Wolfgang Roessel of Ft. Lauderdale, Fla., pleaded guilty today in the U.S. District Court in the Southern District of Florida to filing a false tax return for 2007, the Justice Department and Internal Revenue Service (IRS) announced.
According to the court documents, Roessel, a U.S. citizen, maintained bank accounts at UBS AG in Switzerland, which he failed to report on his 2002 through 2007 personal income tax returns. He also failed to file a Report of Foreign Bank and Financial Accounts (FBAR) for these same years. In 2002, Roessel opened a UBS numbered investment account in the nominee name of a foreign entity, Neptune Trust, with an opening balance of approximately $4–5 million. In around 2004, this account and subaccounts were transferred into the nominee name of another foreign entity, Cyan United, and traded in U.S. and foreign securities. The defendant met with a Swiss banker periodically to discuss the performance of his accounts.
Court records also established that, dating back to the 1980s and up through the late 2000s, Roessel held accounts at different times at Bank Wegelin and another Swiss bank (Bank A) into which he deposited foreign proceeds from his business, yet which he neither reported on his tax returns nor on the required FBARs. In the early 2000s, the foreign account at Bank A was put into the nominee name of Cyan United. A Swiss money manager made investments on Roessel’s behalf and met with the defendant periodically to discuss the performance of the account. In 2008 and 2009, during which period the defendant was aware of the government’s grand jury investigation into his foreign UBS accounts, the defendant disclosed only the existence of the UBS accounts on his tax returns for those years and did not report the other Swiss account.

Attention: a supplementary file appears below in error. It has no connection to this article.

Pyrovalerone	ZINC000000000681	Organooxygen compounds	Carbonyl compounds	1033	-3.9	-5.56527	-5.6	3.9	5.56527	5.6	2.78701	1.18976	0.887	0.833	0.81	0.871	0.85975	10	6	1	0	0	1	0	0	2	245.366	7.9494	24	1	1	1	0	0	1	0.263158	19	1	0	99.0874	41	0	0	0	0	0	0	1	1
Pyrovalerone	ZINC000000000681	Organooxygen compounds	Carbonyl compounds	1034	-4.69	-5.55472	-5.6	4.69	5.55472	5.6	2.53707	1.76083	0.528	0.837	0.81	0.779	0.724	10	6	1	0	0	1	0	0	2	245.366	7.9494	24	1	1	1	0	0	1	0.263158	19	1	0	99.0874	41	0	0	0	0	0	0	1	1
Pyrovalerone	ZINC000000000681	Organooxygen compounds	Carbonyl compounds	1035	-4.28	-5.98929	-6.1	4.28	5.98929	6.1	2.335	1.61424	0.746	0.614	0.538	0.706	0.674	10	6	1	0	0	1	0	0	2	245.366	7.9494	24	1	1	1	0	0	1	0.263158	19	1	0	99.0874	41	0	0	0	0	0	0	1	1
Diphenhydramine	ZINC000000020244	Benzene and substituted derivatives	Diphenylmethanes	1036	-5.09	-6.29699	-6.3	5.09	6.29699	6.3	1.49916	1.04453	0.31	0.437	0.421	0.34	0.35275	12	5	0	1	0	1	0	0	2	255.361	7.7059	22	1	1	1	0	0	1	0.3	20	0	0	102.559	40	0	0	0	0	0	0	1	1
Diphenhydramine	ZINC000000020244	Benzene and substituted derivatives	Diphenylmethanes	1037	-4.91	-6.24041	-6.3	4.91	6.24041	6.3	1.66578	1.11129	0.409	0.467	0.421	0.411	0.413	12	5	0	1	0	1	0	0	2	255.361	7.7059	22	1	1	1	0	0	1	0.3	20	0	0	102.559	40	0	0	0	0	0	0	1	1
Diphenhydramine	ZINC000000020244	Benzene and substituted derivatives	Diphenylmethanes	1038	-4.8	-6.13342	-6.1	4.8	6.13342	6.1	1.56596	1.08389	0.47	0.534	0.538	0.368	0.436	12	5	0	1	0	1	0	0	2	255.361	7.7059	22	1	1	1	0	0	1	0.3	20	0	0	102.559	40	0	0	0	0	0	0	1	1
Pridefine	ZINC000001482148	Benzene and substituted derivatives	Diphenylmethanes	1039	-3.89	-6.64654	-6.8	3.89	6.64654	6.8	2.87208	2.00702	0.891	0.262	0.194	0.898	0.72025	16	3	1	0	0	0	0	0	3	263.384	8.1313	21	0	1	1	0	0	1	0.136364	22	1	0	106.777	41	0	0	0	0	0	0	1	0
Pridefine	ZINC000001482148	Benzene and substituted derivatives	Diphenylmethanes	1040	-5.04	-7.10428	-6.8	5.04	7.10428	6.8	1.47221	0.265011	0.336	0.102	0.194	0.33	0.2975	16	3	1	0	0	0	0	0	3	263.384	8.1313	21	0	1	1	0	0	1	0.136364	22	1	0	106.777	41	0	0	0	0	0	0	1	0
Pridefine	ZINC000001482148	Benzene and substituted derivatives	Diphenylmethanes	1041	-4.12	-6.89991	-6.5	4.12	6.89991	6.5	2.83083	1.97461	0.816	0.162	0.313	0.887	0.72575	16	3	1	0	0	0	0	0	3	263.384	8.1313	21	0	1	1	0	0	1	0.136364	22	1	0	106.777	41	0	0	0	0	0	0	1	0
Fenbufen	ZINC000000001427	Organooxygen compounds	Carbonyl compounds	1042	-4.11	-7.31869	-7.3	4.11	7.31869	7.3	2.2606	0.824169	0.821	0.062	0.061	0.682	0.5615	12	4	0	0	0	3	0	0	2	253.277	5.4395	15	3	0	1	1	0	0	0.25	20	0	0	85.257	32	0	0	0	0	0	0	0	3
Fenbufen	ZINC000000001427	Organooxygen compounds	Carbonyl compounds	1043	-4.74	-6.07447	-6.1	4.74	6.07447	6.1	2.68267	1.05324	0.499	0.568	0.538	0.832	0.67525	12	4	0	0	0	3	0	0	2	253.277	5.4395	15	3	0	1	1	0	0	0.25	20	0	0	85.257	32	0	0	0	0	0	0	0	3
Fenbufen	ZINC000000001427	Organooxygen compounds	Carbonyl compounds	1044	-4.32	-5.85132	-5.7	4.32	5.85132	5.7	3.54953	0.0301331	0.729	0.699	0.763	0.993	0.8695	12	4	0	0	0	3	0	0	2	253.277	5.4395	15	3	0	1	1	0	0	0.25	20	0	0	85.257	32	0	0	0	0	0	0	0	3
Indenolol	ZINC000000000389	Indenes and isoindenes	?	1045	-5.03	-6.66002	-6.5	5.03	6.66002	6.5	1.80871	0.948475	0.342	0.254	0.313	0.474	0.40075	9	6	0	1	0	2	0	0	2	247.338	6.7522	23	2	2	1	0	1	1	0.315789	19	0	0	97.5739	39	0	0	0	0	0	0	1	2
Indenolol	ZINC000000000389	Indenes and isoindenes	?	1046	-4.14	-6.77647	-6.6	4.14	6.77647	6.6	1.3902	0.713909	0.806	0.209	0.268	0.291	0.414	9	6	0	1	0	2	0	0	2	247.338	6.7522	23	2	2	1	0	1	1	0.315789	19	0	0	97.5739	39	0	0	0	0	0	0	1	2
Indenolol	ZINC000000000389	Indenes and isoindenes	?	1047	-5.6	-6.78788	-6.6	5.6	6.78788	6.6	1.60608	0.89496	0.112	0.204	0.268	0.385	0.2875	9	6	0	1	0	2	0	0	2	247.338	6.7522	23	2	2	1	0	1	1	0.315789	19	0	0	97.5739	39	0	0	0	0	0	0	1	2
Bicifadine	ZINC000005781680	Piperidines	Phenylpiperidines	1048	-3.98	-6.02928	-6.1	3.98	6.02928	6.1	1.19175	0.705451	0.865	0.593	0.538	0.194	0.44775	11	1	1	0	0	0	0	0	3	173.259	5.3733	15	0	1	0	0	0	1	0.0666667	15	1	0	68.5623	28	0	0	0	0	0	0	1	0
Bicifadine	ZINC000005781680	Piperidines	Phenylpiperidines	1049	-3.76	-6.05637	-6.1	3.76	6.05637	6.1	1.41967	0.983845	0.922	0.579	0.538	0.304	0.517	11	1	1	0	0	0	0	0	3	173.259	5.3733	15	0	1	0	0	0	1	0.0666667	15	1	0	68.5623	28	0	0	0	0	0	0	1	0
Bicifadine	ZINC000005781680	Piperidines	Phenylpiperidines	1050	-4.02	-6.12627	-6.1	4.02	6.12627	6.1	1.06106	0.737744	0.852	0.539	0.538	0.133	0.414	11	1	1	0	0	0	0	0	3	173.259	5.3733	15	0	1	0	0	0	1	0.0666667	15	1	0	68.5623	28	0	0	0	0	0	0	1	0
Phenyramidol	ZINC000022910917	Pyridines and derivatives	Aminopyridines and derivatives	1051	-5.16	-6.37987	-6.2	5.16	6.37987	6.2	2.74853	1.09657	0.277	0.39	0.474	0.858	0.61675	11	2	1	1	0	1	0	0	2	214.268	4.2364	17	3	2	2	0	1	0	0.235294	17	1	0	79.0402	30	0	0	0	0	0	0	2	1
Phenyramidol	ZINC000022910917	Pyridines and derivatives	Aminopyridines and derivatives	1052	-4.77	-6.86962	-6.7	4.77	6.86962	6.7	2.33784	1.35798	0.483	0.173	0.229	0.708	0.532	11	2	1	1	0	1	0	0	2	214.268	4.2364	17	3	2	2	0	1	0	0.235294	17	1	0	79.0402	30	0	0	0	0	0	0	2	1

The plea agreement includes a tax loss of $312,802.95 for 2002 through 2007, and an FBAR penalty owing to the U.S. Treasury of $5,750,933.99, which is 50 percent of the 2007 unreported foreign bank accounts year-end balance of over $11 million. Roessel faces a potential maximum prison term of three years and a fine of up to $250,000. A sentencing date has not been set.
Kathryn Keneally, Assistant Attorney General of the Justice Department’s Tax Division, and Wifredo A. Ferrer, U.S. Attorney for the Southern District of Florida, thanked Special Agents of IRS – Criminal Investigation, who investigated the case, and Tax Division Trial Attorney Rebecca Perlmutter and Assistant U.S. Attorney Randy Katz, who prosecuted the case.